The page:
[vc_row][vc_column][vc_column_text]Protecting the safe and smooth operations of our supply chain is pivotal to our national economy – and our national security. While we are currently experiencing some disruptions in our global supply chain, due in large part to post-pandemic repercussions. As ABC News recently reported, a worker shortage and high demand are causing delays. As the U.S. economy struggles to fully recover from the coronavirus pandemic, supply-chain disruptions across the country are driving up prices and leading to a growing shortage of goods. As the U.S. economy struggles to fully recover from the coronavirus pandemic, supply-chain disruptions across the country are driving up prices and leading to a growing shortage of goods. The supply-chain bottlenecks — around the world — have caused record shortages of many products that American consumers are used to having readily available, from household goods to electronics to automobiles.
The various facets of the supply chain – air, land and sea – have been impacted. Here we take a look at some of the security vulnerabilities that Maritime Transportation Systems face, and ways to mitigate them.
Sea transport ranks as one of the biggest industry segments, which only make sense since over 70% of the Earth’s surface is covered with water. Consequently, there are a lot of factors that figure into Maritime security.
The most common threats to which ships and maritime operations include terrorism, piracy, robbery, and illegal trafficking of goods and people. Because vessels are out on the open seas, the security officers who protect them have some very unique responsibilities. These can include onboard procedures such as regularly inspecting their vessel to monitor for anything out of the ordinary, overseeing maintenance to improve security, managing the coordination and handling of cargo to make sure everything is done according to protocol and ensure proper checks take place, as well as inspection of vessel stores and bunkers. If a vessel audit discovers anything wrong, it’s the security officer’s job to report it to the company safety officer so they can promptly implement corrective actions.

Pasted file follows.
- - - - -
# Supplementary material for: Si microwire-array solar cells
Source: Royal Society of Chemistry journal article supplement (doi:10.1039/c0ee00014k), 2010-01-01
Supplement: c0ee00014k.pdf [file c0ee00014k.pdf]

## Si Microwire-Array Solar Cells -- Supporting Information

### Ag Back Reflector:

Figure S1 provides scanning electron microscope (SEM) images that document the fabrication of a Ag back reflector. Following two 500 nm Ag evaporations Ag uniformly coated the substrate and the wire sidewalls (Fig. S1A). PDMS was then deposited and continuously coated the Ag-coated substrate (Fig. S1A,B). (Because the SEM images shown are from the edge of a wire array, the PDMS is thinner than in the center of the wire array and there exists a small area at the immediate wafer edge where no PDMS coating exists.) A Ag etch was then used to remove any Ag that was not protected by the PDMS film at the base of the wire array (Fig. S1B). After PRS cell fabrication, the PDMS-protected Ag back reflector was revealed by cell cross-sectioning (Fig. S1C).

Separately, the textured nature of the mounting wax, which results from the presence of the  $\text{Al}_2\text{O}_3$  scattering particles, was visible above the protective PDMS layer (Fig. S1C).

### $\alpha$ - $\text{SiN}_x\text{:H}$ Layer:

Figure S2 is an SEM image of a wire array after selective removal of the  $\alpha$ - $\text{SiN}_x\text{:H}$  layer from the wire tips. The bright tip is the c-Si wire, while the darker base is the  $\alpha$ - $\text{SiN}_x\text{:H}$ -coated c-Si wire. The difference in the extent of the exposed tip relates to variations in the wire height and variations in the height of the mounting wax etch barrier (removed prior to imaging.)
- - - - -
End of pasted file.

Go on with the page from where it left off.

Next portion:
In terms of physical security solutions, the vessel’s security officer also needs to run screening programs such as the Transportation Worker Identification Credential checks that clear crew members to work around the vessel by passing background tests.
The Transportation Worker Identification Credential, also known as TWIC®, is required by the Maritime Transportation Security Act for workers who need access to secure areas of the nation’s maritime facilities and vessels. TSA conducts a security threat assessment (background check) to determine a person’s eligibility and issues the credential. U.S. citizens and immigrants in certain immigration categories may apply for the credential. Most mariners licensed by the U.S. Coast Guard also require a credential.
TWIC is a critically important access control security requirement to prevent people who pose a threat from gaining unescorted access to secure areas of the nation’s maritime transportation system. It mandates that TWIC cards – which are tamper-resistant, photo credential cards – be issued to workers who require access to ports, vessels, outer continental shelf facilities, and all qualified merchant mariners. The physical security features in TWIC cards provide a high level of guarantee that the cardholder is the same person to whom it was issued, and that the card being presented is valid.
NextGen has worked with numerous Maritime Transportation organizations because of our proven expertise in TWIC integration with physical access control systems. Sea transportation is a critically important component of our global supply chain. NextGen is here to support the Maritime industry with their security and compliance needs.